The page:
For example, biometric authentication can be complicated by the environment in which the biometric data is captured.

For instance, background noise could interfere with the original voice sample that the authentication system takes for comparison later on. And facial recognition samples can be affected by lighting or facial expressions.

Additionally, most biometric systems compare a limited number of data points in a given biometric sample to reduce the likelihood of a failed authentication caused by a scar on someone’s finger or an illness affecting their voice. However, comparing fewer data points also makes the authentication less accurate and reliable.

Measuring multiple biometric factors can help mitigate such accuracy issues. While voice biometrics may be a convenient way for banks to authenticate customers across many of the devices they will use in the future, those devices will also be capable of capturing other biometric samples.

Mobile banking users could log in via a combination of voice authentication and a fingerprint reading from their smartphone. Those logging in via laptops and desktops could be authenticated through both voice and facial recognition, based on images captured by the computer’s camera. As automakers put more cameras and image sensors in their new models, using facial recognition will also be possible for authentication in connected cars, something Volkswagen is already working on.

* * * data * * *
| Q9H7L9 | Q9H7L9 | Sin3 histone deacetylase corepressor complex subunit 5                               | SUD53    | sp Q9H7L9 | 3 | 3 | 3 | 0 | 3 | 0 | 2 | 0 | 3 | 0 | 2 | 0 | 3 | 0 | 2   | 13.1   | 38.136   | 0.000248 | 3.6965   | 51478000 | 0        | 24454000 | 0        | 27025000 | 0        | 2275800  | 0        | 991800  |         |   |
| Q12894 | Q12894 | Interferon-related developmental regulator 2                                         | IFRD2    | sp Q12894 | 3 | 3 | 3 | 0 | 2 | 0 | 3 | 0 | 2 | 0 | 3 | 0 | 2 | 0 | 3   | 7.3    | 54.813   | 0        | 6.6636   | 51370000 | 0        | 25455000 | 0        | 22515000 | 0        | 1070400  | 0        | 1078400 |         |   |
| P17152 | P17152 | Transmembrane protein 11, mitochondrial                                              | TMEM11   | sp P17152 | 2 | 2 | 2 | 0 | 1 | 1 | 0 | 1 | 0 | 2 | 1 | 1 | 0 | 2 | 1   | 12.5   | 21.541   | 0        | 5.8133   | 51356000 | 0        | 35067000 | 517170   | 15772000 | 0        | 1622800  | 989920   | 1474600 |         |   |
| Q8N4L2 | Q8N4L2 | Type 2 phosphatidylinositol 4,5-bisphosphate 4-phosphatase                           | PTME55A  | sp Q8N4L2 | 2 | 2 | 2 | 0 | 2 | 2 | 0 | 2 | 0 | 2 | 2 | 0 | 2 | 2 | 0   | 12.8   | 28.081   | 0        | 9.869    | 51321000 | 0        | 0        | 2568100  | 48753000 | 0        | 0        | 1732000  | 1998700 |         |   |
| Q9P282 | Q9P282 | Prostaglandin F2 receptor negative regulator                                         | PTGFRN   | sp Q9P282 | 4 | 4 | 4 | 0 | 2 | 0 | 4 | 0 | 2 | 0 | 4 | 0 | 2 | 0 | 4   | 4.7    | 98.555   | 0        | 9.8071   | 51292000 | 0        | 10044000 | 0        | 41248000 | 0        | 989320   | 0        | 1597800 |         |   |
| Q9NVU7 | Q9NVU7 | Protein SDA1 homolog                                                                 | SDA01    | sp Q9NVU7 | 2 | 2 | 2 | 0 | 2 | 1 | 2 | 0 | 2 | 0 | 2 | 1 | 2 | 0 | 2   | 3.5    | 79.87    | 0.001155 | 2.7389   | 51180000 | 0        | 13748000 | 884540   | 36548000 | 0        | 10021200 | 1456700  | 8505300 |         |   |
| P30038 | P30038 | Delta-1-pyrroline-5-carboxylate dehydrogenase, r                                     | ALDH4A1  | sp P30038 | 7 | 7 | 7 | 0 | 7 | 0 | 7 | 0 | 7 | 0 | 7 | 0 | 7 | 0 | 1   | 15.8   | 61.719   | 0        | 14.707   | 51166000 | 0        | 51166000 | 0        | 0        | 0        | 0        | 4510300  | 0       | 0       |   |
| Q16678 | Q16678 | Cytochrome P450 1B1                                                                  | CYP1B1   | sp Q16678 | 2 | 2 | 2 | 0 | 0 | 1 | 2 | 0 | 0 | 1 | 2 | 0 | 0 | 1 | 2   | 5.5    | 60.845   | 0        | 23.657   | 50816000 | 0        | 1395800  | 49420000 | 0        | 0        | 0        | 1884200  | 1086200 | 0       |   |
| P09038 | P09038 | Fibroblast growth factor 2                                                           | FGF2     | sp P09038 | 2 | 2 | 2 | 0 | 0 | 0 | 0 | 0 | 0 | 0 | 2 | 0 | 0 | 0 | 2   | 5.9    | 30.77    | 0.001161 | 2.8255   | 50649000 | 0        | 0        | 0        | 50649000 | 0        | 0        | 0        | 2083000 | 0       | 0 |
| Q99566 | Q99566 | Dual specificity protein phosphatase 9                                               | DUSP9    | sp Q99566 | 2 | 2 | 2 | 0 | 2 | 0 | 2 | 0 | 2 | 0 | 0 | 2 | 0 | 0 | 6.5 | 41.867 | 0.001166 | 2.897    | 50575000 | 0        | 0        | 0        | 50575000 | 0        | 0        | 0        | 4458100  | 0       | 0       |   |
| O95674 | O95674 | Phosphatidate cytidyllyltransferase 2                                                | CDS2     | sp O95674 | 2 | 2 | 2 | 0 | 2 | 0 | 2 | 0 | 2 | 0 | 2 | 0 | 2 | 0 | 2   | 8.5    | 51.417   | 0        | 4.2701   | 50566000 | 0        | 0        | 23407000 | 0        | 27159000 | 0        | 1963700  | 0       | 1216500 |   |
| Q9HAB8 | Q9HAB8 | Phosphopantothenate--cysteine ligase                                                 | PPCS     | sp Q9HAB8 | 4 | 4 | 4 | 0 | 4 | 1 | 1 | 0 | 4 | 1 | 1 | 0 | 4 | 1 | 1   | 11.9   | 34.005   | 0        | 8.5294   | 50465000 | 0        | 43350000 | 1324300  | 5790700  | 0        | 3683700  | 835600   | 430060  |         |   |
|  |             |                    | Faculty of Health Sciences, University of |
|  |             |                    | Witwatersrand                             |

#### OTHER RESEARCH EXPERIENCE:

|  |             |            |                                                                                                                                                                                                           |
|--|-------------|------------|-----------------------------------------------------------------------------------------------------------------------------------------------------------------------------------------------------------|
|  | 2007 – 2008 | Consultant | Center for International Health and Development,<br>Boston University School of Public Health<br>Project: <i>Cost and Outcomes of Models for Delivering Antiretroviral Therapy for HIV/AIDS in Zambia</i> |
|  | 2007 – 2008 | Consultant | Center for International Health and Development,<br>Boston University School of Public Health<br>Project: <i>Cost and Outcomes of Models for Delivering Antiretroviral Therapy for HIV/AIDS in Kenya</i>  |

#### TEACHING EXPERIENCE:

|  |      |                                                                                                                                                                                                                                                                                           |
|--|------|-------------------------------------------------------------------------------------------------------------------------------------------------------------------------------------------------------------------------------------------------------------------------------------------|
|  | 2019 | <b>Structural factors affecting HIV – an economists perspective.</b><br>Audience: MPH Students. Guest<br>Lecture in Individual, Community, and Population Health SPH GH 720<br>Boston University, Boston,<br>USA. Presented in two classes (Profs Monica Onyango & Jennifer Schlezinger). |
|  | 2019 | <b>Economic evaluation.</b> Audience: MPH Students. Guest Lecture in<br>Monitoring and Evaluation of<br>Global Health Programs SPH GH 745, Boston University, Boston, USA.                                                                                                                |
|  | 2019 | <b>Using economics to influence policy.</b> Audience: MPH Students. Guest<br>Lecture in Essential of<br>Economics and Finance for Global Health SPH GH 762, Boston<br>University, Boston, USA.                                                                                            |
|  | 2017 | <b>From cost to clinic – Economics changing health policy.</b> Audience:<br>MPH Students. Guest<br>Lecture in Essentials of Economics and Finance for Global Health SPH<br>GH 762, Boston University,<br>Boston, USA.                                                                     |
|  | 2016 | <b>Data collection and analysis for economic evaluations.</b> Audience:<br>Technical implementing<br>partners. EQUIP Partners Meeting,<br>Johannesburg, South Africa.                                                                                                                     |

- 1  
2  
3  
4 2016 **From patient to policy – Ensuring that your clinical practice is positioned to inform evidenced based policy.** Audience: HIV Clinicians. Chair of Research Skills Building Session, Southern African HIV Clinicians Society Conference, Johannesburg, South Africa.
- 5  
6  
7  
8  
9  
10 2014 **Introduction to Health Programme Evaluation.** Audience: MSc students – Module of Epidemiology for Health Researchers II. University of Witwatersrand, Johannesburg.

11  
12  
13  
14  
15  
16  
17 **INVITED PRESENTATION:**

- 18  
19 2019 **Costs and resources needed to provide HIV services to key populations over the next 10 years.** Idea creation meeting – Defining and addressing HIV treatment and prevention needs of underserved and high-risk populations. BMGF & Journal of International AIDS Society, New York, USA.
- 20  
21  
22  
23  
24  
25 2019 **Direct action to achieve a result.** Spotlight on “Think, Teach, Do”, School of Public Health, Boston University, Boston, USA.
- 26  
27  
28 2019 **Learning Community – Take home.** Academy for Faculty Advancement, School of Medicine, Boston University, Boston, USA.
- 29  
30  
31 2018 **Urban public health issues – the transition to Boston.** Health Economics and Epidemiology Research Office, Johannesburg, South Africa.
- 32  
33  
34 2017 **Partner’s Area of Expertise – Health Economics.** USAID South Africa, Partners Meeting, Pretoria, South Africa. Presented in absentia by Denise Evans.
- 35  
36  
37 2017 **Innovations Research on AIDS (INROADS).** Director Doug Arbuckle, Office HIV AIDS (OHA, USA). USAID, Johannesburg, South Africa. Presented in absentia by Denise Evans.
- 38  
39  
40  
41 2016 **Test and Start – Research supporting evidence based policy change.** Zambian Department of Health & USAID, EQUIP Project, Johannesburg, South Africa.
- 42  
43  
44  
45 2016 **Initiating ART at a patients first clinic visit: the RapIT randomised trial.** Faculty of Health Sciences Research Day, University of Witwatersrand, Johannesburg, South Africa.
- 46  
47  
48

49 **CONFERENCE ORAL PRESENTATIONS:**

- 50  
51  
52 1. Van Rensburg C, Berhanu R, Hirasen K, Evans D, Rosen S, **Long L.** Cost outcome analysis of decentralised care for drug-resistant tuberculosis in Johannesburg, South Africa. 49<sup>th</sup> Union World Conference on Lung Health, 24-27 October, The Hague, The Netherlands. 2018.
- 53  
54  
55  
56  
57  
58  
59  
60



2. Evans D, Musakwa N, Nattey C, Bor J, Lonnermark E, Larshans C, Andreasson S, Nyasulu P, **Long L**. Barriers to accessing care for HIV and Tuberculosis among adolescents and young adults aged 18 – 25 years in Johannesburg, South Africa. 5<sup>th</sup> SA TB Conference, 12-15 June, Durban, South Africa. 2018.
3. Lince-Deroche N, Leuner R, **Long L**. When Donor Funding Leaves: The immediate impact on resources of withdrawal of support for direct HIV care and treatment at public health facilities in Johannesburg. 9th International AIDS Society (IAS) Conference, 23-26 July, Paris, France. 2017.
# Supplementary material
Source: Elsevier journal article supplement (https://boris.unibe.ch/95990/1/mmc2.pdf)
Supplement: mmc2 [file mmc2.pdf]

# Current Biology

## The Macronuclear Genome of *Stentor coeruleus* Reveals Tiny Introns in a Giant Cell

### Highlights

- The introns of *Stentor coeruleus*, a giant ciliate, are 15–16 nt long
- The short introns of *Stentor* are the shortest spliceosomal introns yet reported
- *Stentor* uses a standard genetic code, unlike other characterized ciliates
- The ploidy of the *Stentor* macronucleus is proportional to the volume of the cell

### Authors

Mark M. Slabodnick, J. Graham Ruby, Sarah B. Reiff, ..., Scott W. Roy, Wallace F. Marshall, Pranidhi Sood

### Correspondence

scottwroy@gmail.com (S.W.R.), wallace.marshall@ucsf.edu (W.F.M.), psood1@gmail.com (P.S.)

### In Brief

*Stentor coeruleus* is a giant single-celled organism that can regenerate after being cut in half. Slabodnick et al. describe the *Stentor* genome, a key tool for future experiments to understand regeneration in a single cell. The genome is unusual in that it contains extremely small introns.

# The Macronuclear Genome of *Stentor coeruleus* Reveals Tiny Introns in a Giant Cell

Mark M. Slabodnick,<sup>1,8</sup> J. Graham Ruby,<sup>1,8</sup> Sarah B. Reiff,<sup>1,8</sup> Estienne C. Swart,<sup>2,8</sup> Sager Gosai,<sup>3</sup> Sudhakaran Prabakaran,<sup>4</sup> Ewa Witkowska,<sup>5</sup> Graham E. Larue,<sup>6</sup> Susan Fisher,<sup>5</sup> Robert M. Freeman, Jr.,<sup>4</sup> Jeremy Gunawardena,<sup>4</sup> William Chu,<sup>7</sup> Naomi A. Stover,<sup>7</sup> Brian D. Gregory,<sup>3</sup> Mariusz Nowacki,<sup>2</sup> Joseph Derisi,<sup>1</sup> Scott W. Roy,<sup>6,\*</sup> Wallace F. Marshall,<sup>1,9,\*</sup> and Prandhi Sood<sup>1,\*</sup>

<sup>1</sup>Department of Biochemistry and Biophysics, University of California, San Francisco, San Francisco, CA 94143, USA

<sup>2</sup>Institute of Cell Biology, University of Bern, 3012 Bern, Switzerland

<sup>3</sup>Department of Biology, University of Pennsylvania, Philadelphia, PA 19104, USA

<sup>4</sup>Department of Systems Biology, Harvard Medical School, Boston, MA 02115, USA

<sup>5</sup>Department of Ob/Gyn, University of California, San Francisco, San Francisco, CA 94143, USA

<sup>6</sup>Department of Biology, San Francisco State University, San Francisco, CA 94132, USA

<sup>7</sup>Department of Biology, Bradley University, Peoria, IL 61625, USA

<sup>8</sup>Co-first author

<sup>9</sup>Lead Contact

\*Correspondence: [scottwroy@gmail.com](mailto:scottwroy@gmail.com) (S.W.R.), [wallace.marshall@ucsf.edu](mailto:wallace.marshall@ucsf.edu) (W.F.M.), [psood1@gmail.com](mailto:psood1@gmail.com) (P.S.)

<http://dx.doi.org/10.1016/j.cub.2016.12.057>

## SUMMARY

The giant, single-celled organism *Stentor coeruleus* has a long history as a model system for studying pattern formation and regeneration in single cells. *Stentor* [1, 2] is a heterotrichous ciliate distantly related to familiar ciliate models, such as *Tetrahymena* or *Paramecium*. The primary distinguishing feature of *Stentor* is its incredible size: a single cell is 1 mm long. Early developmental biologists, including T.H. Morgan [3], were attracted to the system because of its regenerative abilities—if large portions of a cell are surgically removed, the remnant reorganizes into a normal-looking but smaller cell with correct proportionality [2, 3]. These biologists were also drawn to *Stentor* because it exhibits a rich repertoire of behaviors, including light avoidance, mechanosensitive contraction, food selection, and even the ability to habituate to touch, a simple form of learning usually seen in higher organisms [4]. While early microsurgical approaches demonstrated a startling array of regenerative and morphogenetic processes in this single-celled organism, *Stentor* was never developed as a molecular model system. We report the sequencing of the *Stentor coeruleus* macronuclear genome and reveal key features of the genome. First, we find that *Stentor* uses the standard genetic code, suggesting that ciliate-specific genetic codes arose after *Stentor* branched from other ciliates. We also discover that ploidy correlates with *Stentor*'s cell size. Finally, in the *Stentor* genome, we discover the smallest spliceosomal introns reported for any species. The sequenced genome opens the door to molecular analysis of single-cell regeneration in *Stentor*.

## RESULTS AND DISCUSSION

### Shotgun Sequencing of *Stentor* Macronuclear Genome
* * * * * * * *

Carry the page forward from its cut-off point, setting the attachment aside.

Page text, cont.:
Some devices—like the Echo—may not be capable of capturing a second biometric factor besides voice. In those cases, customers could provide a PIN or spoken phrase as a second authentication factor.

Password RIP, already

It is well past time that banks and other organizations put passwords to rest, as passwords have done little to stem the rise in cybercrime over the past few years. Biometric authentication offers a convenient path for customers to authenticate themselves without passwords, and leveraging multiple biometric factors will increase the accuracy of biometric authentication.

The challenge for banks will be in implementing such multi-factor biometric authentication systems across new types of devices that customers are adopting before hackers learn how to infiltrate those new devices and use them against banks’ customers.

Paul Schaus

Paul Schaus is CEO & President at CCG Catalyst. Follow CCG Catalyst on Twitter and LinkedIn.